A Burden I Didn’t Know I Was Carrying

A few days ago, I wrote about rethinking this whole blogging thing. Since I had nothing else to write about, I’d been writing about the one thing I know — me — and I’d come to the conclusion it wasn’t healthy or smart to put so much of myself out there.

I thought it would be difficult to break the daily blogging habit of almost three years, but in the end, it was simple. I did what I felt like doing, which was keep my thoughts to myself. Actually, it wasn’t that I wanted to keep my thoughts to myself, but that I didn’t want to have any thoughts in the first place. It’s hard, of course, not to think, but it’s one thing to let one’s thoughts slide into the mind and then slide right out again, and another thing to try to sift through all those fleeting thoughts, capture one, and then expand on it for a blog topic.

What a relief to just let the thoughts go.

And I was right — the world did not come to an end when I stopped blogging every day.

What I found interesting is how this new non-daily blog habit has made itself felt. It gives me two or three extra hours every day. I imagine my breezy writing style makes it seem as if I jot a few words and then simply publish what I write, but it takes a lot of work to make something seem light and easy — writing, editing, re-editing, re-re-editing, adding tags to the blog so it will show up in search results, preparing a photo, publishing the blog, republishing to another blog, posting the reblogged link on Facebook. Even better, because I’m not blogging, I have no need to check Facebook and the blogsite and my email because there are no comments to respond to. So yes, a lot of free time!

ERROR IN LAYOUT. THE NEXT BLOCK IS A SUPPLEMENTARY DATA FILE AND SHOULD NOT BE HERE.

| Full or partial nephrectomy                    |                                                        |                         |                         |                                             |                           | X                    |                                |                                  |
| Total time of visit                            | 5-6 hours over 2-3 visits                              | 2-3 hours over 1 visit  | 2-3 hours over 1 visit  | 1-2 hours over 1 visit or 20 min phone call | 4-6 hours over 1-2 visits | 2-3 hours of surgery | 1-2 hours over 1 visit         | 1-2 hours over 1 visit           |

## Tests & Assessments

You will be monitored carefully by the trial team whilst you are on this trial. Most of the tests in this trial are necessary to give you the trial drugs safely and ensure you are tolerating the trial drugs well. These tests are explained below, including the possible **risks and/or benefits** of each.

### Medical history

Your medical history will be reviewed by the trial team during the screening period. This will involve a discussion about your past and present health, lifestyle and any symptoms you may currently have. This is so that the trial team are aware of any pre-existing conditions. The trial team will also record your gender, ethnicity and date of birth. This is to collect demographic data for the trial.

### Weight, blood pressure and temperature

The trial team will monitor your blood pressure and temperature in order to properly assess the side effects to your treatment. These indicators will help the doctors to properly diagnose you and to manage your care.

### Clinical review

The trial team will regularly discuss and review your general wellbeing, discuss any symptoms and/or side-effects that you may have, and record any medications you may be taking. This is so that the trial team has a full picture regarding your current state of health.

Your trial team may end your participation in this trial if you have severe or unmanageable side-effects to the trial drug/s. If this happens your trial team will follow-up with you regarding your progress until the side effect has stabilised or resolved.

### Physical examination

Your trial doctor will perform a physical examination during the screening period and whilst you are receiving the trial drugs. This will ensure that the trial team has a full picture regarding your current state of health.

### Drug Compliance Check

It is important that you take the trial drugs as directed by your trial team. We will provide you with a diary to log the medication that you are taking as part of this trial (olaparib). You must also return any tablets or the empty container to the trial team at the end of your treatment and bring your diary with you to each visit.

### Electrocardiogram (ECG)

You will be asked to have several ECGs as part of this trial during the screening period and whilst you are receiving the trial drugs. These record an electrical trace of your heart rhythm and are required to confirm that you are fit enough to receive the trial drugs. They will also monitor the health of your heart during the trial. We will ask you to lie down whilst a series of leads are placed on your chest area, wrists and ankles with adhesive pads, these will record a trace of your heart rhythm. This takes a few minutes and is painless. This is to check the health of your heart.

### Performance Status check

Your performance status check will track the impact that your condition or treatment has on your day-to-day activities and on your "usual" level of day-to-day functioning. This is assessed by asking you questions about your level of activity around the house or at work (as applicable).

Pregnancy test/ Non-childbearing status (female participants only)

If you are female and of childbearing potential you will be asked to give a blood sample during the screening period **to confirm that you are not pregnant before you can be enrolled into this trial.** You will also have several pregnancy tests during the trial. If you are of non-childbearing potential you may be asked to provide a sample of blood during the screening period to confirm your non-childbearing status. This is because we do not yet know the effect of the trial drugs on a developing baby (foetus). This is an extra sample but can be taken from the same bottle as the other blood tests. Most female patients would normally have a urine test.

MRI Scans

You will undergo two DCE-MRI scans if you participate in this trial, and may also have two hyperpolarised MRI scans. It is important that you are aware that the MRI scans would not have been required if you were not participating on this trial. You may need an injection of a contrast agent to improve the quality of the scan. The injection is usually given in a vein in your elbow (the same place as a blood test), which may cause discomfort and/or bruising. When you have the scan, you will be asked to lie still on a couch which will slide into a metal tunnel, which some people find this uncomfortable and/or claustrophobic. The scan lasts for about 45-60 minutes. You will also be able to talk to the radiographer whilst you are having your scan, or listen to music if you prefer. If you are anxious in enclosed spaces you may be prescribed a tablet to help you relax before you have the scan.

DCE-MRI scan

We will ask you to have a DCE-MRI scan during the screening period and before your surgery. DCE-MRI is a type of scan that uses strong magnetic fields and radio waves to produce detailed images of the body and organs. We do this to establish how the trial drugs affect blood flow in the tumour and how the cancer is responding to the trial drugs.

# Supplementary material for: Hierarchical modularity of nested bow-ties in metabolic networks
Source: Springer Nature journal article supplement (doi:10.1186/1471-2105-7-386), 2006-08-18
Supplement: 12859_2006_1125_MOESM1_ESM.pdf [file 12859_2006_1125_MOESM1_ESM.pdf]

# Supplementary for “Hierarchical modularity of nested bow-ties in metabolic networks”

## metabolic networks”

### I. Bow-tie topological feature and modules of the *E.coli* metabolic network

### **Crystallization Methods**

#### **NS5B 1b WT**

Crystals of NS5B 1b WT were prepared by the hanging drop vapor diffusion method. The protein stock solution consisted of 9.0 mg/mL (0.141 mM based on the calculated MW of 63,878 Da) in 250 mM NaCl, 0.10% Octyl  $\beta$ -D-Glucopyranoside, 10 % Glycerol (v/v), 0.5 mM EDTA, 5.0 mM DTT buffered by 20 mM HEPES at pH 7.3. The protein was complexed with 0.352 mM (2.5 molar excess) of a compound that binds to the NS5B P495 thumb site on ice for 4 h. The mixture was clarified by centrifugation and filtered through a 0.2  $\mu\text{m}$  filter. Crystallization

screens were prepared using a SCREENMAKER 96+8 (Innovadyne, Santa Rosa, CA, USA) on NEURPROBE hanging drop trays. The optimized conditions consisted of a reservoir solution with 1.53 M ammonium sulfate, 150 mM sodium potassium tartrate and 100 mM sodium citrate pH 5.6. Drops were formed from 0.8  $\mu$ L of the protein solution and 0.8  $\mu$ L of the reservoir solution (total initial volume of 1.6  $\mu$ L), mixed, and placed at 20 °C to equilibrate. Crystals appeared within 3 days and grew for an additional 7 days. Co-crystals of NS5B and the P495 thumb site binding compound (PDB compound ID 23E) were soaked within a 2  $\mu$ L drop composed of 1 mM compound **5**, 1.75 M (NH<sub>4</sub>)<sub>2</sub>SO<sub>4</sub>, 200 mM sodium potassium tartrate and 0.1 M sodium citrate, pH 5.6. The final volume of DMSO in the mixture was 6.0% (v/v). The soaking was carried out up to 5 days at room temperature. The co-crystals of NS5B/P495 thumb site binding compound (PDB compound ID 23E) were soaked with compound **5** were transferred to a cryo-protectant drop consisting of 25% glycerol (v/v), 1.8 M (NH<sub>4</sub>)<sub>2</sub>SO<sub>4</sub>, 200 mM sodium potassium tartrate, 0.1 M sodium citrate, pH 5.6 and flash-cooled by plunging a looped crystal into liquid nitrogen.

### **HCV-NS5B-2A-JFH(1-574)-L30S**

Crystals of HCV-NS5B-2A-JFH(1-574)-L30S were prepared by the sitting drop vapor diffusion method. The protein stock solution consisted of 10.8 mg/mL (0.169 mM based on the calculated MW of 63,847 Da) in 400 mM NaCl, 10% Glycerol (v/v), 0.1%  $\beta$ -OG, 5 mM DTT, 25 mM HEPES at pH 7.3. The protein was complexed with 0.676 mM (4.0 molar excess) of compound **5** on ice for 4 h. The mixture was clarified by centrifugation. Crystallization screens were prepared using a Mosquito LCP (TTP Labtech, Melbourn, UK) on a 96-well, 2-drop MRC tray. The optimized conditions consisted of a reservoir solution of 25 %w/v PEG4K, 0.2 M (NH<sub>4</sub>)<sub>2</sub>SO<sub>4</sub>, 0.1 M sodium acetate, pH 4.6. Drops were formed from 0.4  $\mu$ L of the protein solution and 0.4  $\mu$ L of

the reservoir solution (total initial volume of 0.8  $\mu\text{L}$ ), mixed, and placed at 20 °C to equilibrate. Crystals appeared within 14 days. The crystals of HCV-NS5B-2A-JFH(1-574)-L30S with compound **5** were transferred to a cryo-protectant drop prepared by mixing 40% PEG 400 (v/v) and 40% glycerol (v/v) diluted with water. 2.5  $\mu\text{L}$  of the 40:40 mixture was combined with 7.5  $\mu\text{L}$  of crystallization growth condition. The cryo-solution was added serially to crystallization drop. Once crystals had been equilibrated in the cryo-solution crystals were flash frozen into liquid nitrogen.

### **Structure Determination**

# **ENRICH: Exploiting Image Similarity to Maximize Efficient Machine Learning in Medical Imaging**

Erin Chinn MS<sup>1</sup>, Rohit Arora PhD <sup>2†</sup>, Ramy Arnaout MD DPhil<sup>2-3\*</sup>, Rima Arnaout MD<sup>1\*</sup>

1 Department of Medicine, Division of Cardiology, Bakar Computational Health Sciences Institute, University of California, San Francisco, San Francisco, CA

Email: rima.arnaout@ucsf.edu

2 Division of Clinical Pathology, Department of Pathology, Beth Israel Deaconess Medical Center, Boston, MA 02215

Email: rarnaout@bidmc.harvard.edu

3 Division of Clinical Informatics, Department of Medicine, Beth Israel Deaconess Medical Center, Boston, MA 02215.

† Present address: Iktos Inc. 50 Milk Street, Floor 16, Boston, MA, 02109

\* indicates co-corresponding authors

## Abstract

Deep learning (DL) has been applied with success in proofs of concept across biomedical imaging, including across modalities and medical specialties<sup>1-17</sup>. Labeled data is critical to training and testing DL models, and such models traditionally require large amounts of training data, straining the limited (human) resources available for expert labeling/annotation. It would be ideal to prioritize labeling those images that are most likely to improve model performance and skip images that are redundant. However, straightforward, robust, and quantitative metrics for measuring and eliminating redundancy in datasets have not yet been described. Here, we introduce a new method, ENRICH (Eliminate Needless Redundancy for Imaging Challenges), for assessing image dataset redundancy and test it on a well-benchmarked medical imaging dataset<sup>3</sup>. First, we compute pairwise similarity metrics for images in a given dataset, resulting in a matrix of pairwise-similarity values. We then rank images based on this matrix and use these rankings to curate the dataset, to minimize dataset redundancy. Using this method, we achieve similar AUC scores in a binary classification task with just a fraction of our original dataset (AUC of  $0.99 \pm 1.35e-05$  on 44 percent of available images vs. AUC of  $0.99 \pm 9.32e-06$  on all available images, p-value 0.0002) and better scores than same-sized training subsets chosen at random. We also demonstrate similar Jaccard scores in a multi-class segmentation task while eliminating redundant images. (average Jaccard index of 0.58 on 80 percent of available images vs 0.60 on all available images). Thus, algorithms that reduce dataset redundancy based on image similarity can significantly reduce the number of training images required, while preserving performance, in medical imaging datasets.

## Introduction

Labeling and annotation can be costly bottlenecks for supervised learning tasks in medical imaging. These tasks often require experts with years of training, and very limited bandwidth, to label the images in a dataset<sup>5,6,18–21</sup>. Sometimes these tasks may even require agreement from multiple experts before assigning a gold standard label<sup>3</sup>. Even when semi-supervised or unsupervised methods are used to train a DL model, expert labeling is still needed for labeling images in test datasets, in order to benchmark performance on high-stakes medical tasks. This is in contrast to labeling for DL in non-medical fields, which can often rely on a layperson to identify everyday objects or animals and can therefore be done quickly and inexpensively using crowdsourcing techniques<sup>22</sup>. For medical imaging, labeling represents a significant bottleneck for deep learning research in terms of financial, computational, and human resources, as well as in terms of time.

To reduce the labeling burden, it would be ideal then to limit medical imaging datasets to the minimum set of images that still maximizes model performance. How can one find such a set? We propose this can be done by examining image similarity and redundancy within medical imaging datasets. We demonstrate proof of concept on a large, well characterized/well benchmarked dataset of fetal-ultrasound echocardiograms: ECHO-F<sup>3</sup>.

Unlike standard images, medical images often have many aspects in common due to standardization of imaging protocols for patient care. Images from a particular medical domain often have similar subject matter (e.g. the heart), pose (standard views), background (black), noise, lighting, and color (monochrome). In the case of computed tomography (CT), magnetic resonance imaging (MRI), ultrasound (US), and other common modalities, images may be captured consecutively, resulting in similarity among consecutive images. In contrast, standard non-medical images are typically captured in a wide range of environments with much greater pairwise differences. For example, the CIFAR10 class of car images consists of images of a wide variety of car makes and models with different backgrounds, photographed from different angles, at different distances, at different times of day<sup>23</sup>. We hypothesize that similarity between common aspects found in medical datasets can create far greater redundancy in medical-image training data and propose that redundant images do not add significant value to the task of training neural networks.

Without having to think about what I am thinking, and without having to examine my days for a topic, I have a lot of free mental time, too. And I know that Socrates is wrong: the unexamined life is worth living. In fact, it might even be worth more than an examined life.

And then there’s the whole compassion fatigue situation. Because I am not a therapist or a grief counselor, I never would have thought such a state would apply to me, but over the past twelve and a half years I have mentored (for lack of a better word) hundreds of people through the worst of their grief, and I am truly fatigued. I have always felt powerless in the face of other people’s grief, but knowing at least to an extent what they are going through, I tried my best to listen and be kind, but now I am having a hard time summoning up any compassion or patience. I understand that to them, grief is new and ever-present, but to me . . . not so much. My life with Jeff is now far in the past and so is my grief for him. In fact, I barely remember what I went through unless I am reminded by people who want to talk about their grief. So, without having to deal with other people’s grief, I have a lot of free emotional time, too.

I don’t regret my work on behalf of grievers, in fact, I’m glad I could help, but now it’s time for me to let that part of my life go. So for those of you who need help with your grief or who simply want to talk about what you are going through, please check out the various grief forums and online grief support groups. I know a lot of people who found them helpful and comforting, and I am sure you will, too. (I will, of course, continue to respond to comments left on my blog.)

So, what am I doing with all this free time? Not thinking, that’s for sure. Not feeling much, either, except lightness at having shrugged off a burden I didn’t know I was carrying.


Pat Bertram is the author of Grief: The Inside Story – A Guide to Surviving the Loss of a Loved One. “Grief: The Inside Story is perfect and that is not hyperbole! It is exactly what folk who are grieving need to read.” –Leesa Healy, RN, GDAS GDAT, Emotional/Mental Health Therapist & Educator.